DESTIN, Fla. (AP) — Florida is using Baylor’s troubles to remind its coaches how to deal with sexual assault/harassment allegations.
Athletic director Jeremy Foley sent an email to his coaches Thursday that included a link to the Pepper Hamilton report that stated Baylor’s leadership, including football coaches and staff, inappropriately handled allegations of sexual violence made by students, some against football players. Two players have been convicted of rape. Several Baylor leaders, including football coach Art Briles, lost their jobs as a result of their response to sexual assault allegations.
Foley wrote that the key takeaways for the Gators “are things that we emphasize all the time.” He reminded his staff to avoid these missteps:
— Not reporting allegations of sexual assault or harassment. If a student reports to you, you must inform (executive associated athletic director) Lynda Tealer or (senior associated athletic director) Keith Carodine. They will ensure that the report makes it to the appropriate individuals on campus. If you hear about a potential issue, you have to report. You are not permitted to keep that information in confidence.
— Coaching staff conducting their own investigations. There are specialists on campus in charge of looking into allegations of misconduct. Contacting those making claims of sexual assault/harassment, their parents, or trying to gather facts on your own is not permitted.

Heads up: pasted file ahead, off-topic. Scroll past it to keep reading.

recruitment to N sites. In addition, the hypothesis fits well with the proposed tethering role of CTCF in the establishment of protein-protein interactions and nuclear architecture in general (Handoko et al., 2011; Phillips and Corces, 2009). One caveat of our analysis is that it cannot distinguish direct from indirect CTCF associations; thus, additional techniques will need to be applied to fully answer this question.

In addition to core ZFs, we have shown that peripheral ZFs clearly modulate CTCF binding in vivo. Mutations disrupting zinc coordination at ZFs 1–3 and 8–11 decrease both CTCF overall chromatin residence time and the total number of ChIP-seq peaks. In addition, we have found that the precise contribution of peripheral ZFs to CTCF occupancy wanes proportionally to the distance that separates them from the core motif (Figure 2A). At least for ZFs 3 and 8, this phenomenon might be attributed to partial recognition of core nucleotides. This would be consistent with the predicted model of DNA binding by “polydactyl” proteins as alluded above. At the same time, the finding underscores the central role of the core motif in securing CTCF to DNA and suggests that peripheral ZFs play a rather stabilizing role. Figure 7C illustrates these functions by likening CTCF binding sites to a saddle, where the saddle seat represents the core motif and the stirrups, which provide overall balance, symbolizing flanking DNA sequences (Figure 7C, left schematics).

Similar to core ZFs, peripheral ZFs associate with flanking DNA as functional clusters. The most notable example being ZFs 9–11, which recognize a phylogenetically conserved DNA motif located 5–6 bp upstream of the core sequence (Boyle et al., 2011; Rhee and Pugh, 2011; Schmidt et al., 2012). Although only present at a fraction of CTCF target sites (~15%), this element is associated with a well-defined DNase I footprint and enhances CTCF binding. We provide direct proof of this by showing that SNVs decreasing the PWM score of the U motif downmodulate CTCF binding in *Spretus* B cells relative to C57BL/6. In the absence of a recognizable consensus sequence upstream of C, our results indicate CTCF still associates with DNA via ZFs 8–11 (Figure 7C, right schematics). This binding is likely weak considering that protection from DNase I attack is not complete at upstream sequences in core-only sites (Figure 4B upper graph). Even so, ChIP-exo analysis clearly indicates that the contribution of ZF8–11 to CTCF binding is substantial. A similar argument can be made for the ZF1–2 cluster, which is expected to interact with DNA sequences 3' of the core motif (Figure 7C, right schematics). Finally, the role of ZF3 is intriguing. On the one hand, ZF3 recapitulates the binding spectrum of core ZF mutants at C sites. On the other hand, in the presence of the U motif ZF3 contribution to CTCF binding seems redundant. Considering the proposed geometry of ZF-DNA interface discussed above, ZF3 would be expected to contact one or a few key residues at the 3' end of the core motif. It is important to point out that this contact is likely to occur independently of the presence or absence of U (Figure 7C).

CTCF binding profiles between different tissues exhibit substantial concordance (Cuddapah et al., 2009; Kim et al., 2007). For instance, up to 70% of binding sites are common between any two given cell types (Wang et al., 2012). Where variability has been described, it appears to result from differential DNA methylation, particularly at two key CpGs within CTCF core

— Interfering in the university discipline process. The student-conduct process is facilitated by professionals. Students are also permitted to have counsel/advisors. Coaches cannot serve in those roles. We need to continue to allow the process to proceed as it does for all students without involvement by (University Athletic Association) staff.
University of Florida President Dr. Kent Fuchs said Friday at the Southeastern Conference’s annual spring meetings that the Baylor situation is “an opportunity to learn from what they do. It’s an education process for all of us.”
Fuchs said students are going to make mistakes, but campus leaders have little, if any, room for errors.
“I pay most attention to those in position of authority,” Fuchs said. “What we have to make sure is that when a student makes a mistake we as administrators, managers, coaches, those in responsibility, respond appropriately. That’s what I think a lot about.
“Because it’s a university every year we have new people in campus. But what’s consistent is those who work there and they have a responsibility to educate the new students and when students make mistakes respond as they should.”
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